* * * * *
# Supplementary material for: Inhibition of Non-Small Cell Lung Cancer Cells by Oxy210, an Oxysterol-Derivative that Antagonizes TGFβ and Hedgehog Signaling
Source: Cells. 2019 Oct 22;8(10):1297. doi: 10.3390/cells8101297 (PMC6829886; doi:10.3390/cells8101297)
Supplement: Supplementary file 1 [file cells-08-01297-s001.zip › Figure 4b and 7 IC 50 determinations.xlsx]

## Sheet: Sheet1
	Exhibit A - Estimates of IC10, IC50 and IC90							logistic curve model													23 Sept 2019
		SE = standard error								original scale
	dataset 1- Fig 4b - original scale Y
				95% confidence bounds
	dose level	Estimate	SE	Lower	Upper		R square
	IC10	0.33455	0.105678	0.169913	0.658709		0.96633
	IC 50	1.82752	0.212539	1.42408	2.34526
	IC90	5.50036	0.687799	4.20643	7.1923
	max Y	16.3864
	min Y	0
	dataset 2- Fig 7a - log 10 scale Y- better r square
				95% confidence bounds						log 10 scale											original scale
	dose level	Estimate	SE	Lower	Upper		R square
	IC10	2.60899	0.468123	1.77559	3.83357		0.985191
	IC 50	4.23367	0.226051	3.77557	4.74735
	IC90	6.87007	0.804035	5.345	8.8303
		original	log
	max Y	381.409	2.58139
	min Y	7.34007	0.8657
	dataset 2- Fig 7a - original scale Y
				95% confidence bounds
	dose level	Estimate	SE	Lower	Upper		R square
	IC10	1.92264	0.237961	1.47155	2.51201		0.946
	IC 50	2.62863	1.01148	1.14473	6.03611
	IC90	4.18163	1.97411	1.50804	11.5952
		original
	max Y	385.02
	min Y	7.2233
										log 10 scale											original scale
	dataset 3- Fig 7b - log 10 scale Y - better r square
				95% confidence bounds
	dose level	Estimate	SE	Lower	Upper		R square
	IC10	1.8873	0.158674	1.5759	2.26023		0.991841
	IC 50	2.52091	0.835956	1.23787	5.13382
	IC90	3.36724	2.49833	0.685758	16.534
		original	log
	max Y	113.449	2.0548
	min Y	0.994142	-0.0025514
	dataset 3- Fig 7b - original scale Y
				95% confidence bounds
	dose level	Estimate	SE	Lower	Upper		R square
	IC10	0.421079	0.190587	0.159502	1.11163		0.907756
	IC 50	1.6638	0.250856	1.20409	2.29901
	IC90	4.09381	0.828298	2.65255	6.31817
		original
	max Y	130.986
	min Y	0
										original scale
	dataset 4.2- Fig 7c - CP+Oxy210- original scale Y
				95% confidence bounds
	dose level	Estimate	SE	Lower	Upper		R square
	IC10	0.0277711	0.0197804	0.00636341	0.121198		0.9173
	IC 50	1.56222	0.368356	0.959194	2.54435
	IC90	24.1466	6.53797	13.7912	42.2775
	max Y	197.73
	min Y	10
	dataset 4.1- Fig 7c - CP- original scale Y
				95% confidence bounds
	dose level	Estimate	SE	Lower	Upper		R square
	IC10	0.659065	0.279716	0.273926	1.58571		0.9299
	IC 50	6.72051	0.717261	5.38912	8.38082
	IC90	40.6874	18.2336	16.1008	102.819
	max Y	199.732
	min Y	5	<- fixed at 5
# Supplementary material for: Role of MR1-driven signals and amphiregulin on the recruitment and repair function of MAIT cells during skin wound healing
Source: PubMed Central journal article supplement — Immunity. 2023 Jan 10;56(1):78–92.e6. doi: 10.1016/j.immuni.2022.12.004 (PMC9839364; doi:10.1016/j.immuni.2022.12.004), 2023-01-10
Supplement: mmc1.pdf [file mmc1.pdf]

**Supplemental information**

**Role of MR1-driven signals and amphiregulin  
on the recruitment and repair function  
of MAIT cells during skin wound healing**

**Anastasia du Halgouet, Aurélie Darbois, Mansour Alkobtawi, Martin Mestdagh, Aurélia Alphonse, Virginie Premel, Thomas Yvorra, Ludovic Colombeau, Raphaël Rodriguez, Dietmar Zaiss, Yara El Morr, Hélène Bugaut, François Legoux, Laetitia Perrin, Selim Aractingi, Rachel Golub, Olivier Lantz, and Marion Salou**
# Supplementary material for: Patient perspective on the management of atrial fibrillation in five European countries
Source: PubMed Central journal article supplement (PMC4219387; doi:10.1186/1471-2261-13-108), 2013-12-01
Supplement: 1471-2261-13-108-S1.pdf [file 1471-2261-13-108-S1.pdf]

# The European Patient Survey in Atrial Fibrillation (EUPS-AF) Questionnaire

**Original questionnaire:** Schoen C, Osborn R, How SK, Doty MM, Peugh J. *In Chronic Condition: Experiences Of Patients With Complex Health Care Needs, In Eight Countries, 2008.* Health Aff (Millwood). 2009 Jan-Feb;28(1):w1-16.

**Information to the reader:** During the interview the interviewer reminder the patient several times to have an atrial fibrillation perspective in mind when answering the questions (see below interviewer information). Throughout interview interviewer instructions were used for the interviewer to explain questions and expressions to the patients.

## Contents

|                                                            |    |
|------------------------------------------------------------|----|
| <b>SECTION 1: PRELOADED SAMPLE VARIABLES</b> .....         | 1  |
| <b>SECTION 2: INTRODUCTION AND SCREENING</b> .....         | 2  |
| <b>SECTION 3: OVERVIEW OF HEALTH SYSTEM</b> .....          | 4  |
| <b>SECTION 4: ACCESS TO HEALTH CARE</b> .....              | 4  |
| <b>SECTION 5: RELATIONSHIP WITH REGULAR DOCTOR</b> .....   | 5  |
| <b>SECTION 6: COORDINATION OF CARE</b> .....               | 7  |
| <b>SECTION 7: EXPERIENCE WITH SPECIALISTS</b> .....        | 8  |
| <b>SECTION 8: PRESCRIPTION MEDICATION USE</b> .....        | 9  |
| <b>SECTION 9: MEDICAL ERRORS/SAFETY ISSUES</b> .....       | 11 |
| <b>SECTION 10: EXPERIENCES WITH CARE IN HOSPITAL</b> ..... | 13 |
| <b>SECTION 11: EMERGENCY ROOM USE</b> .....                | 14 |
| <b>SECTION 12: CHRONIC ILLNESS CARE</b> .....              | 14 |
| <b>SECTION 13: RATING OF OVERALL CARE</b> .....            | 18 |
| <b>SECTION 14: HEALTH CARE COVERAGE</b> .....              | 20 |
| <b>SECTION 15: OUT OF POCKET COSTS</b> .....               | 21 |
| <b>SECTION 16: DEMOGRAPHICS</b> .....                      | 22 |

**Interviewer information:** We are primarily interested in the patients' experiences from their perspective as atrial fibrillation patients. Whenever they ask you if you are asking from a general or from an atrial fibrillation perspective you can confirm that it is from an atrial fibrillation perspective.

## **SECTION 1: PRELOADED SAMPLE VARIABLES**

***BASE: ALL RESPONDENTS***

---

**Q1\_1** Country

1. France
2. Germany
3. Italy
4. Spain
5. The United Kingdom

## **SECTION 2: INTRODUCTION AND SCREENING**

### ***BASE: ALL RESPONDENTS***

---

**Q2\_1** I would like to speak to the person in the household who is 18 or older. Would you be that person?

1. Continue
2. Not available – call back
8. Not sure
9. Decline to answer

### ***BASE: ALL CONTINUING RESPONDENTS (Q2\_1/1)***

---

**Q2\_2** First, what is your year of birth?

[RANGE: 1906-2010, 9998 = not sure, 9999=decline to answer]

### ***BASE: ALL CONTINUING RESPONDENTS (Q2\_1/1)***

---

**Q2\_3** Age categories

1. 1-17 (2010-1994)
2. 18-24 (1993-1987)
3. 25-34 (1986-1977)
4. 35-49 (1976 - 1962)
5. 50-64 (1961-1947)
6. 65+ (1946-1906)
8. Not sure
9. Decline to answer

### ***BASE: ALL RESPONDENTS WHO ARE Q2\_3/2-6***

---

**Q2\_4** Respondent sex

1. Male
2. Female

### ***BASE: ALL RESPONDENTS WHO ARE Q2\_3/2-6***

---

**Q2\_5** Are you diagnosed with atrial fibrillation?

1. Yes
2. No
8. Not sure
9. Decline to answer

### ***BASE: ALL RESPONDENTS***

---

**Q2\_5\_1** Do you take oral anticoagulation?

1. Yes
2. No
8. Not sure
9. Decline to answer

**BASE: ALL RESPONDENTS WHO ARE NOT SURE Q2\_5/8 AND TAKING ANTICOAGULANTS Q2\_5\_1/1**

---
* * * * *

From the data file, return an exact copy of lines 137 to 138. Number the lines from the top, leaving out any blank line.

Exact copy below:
**Q2\_4** Respondent sex

1. Male